Here are some of the most significant techniques that came out of this period in history:

  • Turnout methods of sewing were picked up by leathercrafters, allowing them to create footwear and outerwear that was more stylish and better kept out wind and rain.
  • Joining different types of leather, such as using rawhide for the sole of a soft leather shoe, becomes common during this time.
  • In England and Europe, tooling, painting, dying, and carving for decoration is seen on almost all leather goods, even those purchased for a utilitarian purpose.
  • Meanwhile in Italy, shaping, stamping, and moulding leather becomes an artform.

Although leather items were still very functional, and many people did not have more leather goods than they truly needed, they all had some type of design or decoration. When we consider the opulent lifestyle of the times, it is no wonder that everything leather was as much about fashion as use.

The Industrial Revolution changes the leather industry forever

With the Industrial Revolution leather goods became even more popular and common place. Leather tanning and leathercraft had to evolve to make use of the new machinery. Like other trades, this was done rather successfully. After chromium tanning was invented in 1858, leather goods were no longer considered luxury items.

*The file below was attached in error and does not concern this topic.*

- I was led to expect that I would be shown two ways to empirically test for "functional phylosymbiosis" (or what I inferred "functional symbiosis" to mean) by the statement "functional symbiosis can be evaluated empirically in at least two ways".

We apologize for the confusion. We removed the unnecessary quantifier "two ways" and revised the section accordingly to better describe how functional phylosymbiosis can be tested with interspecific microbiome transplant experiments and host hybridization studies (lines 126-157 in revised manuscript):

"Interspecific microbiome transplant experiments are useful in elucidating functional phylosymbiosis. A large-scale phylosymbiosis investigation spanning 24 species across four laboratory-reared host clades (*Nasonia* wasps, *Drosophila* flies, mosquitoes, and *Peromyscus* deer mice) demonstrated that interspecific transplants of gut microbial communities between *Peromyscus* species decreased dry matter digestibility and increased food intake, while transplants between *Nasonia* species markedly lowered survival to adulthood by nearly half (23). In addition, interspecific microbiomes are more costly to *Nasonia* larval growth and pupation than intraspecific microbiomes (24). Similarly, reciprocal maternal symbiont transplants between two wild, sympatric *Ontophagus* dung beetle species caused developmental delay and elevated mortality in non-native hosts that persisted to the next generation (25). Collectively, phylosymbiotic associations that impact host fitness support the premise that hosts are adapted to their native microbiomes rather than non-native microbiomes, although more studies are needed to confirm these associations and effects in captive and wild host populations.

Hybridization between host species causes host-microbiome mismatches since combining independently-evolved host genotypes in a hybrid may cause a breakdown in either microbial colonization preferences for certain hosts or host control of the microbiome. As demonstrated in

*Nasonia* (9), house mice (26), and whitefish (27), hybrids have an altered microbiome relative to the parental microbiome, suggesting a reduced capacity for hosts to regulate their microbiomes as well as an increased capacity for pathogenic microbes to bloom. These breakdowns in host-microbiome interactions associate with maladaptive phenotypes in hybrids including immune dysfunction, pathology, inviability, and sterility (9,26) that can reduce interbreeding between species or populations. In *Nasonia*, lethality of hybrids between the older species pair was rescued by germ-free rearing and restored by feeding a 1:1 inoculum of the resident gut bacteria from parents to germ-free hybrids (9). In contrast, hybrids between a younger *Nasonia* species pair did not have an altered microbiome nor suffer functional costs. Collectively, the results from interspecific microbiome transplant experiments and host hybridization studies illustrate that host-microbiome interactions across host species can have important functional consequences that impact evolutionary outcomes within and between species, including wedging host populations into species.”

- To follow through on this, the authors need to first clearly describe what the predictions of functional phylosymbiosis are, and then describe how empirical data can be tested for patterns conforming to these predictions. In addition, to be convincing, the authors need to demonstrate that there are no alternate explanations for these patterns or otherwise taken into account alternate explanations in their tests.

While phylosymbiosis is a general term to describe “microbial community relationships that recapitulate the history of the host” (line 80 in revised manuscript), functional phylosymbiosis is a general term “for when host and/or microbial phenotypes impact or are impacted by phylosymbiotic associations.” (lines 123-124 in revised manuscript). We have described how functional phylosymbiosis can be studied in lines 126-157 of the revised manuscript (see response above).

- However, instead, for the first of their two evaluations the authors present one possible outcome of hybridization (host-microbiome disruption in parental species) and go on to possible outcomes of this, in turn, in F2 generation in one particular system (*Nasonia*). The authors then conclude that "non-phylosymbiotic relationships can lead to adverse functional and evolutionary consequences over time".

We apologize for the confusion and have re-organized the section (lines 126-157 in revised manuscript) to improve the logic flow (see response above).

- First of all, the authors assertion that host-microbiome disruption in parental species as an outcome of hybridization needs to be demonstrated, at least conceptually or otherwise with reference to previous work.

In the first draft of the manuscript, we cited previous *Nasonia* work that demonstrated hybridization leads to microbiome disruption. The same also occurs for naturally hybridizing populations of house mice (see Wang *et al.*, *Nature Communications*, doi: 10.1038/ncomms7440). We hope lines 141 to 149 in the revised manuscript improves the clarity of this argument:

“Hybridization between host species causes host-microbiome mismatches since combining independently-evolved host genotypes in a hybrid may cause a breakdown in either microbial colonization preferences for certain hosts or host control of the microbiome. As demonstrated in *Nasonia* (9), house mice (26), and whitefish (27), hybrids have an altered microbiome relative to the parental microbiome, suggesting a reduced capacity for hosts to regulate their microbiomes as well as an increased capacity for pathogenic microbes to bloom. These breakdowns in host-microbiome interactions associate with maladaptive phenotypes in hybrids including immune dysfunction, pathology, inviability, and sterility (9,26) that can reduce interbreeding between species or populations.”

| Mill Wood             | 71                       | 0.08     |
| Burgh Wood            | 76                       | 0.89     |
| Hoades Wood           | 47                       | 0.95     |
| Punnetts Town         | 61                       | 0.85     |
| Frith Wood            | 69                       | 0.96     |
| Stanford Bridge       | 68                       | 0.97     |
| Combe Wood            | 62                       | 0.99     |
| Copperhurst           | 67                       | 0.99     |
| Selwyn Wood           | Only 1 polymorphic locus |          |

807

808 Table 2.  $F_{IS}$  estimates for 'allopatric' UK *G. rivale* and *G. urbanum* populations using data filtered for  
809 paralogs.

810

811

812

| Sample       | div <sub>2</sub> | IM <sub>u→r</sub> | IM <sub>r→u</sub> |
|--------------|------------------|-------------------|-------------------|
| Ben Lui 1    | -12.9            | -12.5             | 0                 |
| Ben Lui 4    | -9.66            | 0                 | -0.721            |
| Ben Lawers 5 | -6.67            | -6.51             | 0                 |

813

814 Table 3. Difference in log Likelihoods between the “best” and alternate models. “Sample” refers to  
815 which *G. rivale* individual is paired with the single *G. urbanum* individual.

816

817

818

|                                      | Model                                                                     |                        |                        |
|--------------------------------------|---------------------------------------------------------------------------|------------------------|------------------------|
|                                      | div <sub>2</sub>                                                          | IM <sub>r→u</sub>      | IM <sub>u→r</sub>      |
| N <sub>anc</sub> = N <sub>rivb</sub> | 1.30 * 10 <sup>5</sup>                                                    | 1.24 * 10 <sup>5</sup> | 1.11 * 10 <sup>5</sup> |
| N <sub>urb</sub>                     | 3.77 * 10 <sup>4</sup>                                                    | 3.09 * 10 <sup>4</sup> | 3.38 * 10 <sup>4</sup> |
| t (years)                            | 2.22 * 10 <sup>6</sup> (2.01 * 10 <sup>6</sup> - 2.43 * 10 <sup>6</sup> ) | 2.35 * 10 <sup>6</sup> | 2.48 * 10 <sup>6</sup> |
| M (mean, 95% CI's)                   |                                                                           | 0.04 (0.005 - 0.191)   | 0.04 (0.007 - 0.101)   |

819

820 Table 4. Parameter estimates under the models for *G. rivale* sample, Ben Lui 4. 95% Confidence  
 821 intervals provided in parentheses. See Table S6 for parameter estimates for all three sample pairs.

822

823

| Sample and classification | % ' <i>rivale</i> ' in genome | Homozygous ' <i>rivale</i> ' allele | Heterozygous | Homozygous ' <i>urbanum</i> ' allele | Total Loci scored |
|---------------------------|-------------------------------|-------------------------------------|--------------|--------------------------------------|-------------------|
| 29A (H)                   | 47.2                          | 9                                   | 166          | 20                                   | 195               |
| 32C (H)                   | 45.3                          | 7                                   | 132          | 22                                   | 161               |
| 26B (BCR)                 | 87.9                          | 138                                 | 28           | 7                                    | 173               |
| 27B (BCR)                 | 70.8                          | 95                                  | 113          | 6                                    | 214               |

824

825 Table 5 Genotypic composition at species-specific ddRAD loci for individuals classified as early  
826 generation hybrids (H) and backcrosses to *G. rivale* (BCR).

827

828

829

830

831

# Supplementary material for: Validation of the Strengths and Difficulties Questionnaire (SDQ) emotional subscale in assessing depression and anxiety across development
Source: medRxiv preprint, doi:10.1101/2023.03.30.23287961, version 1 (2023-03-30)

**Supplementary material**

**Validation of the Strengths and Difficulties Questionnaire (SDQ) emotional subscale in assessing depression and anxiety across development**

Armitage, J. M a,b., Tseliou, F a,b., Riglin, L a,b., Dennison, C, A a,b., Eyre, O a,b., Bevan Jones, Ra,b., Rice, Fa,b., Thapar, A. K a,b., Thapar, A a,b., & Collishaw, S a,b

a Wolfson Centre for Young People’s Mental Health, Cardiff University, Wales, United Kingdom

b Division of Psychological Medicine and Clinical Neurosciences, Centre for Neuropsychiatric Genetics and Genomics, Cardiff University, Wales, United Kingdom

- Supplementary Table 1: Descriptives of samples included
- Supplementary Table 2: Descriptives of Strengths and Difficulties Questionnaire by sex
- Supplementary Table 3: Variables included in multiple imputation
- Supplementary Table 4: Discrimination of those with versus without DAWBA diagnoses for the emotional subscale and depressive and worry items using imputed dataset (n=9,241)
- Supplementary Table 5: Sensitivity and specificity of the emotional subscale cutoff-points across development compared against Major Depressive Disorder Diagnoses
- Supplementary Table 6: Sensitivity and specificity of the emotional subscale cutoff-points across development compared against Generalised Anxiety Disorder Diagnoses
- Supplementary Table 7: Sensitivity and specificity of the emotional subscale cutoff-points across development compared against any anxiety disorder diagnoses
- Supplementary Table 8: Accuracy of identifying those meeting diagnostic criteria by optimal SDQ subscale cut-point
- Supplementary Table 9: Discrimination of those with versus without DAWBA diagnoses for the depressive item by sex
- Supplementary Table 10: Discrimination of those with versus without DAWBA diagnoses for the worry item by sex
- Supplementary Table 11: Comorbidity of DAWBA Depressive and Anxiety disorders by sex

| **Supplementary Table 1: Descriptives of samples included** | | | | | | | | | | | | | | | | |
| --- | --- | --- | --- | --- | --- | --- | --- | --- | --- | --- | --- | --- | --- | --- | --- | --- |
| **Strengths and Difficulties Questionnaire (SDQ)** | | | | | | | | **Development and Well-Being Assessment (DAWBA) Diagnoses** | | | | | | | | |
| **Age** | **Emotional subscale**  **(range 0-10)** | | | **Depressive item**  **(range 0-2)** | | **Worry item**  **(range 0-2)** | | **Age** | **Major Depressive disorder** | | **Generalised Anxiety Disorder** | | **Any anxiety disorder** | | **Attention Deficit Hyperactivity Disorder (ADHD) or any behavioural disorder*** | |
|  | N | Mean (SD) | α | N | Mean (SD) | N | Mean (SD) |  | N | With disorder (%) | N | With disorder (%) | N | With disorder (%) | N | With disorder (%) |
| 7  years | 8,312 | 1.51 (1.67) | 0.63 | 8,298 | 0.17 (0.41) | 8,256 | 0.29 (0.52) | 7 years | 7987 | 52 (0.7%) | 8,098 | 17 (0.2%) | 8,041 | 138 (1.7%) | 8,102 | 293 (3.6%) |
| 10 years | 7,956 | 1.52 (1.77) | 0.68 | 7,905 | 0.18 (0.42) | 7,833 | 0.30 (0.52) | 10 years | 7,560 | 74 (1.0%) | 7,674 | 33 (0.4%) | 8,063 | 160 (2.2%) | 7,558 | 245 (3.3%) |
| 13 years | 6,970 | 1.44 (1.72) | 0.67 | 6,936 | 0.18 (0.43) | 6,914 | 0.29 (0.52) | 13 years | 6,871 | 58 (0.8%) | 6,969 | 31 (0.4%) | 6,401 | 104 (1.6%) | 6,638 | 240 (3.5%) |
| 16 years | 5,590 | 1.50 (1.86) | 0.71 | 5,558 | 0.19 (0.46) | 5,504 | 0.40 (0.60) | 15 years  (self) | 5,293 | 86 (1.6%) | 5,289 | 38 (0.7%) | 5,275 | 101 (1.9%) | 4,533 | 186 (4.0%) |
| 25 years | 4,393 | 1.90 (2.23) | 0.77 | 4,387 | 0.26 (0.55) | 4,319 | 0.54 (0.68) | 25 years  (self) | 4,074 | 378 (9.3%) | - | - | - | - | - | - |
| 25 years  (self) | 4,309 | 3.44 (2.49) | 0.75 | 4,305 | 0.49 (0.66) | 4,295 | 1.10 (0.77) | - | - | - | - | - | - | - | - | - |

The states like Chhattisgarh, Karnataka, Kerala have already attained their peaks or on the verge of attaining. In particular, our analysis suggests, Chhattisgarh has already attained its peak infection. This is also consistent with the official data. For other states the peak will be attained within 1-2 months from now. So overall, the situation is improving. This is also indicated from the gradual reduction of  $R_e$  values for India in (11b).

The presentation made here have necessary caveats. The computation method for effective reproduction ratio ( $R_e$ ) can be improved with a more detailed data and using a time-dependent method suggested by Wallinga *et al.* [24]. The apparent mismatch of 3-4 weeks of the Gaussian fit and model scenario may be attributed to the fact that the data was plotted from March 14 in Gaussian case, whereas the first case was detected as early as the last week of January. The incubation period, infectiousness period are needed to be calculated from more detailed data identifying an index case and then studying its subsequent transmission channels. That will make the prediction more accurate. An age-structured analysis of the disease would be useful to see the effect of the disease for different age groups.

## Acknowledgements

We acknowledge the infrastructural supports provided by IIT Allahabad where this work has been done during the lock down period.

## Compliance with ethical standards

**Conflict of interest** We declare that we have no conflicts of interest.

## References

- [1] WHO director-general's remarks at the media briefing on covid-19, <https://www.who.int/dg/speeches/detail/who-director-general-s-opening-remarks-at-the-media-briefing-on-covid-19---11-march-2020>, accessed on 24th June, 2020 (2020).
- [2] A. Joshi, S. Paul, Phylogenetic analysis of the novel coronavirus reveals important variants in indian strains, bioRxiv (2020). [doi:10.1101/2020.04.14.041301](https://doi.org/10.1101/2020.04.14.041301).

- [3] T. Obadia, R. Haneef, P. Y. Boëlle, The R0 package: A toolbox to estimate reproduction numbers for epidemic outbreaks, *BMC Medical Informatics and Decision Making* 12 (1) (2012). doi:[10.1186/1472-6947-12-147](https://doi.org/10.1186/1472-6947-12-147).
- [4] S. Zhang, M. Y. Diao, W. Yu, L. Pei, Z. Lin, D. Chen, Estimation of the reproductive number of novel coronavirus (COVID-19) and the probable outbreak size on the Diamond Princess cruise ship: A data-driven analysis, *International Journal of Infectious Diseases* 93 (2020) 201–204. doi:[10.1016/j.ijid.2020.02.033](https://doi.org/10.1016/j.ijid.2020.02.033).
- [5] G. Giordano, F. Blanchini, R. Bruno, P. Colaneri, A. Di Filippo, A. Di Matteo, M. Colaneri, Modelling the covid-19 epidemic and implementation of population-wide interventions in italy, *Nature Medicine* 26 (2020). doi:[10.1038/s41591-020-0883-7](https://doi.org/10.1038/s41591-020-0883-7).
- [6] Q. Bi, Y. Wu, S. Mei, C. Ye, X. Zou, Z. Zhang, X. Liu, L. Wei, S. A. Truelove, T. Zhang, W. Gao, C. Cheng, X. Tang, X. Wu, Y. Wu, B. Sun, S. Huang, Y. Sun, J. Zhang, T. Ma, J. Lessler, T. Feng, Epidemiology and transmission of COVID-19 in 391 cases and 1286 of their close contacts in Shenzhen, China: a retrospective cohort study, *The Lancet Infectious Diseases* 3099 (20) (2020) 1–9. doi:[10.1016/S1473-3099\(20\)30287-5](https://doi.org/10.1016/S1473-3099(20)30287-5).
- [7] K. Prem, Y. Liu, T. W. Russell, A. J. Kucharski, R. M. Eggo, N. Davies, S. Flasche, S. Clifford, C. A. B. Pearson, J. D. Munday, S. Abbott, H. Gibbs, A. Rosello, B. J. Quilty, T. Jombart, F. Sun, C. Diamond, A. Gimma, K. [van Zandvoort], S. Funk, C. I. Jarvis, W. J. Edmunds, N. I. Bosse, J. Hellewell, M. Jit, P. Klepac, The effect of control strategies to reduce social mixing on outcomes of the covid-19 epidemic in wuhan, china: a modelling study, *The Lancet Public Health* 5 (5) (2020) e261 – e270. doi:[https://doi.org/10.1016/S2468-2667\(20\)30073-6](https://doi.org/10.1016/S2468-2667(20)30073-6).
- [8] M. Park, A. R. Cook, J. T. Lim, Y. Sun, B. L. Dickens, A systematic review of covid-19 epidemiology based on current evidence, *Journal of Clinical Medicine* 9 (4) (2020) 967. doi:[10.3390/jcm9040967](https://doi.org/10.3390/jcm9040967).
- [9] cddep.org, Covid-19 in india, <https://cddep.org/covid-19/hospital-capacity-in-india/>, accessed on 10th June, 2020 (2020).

In addition to industrializing the processes used in leathercraft up to that point, the industrial revolution allowed for new methods of decoration and design to surface. These decorative techniques could be implemented in the factory setting while allowing for more precise and beautiful decorative pieces.

The most significant of these are:

  • Patent leather, a coated leather with a high gloss, was invented in 1818 and is still in use today in dress shoes and luxury accessories. It was patent leather that made shoe shiners a necessity.
  • Introduction of etching, and later laser carving, allowed for almost any pattern or design to be etched onto leather goods. This also allows for customization.
  • The leather perforation technique, in which many holes are punched into the leather to create a unique design, was developed in 1857, and is also still used widely today.
  • In the early 1900s, pyrography was developed in which a hot needle is used to burn designs into the leather. The most commonly known application of pyrography is woodburning, a favorite of summer camps everywhere. 

Although there haven’t been many new advancements in leathercraft in the last 120 years, leather working isn’t standing still. Laser equipment and tools has of course advanced, and you can now buy leather items with just about anything emblazoned on them. 

At the same time, many accessory and handbag designers are going back to the traditional leather working techniques that dominated the industry before mass production. Without a doubt, the most interesting leather fashions will continue to use a combination of both.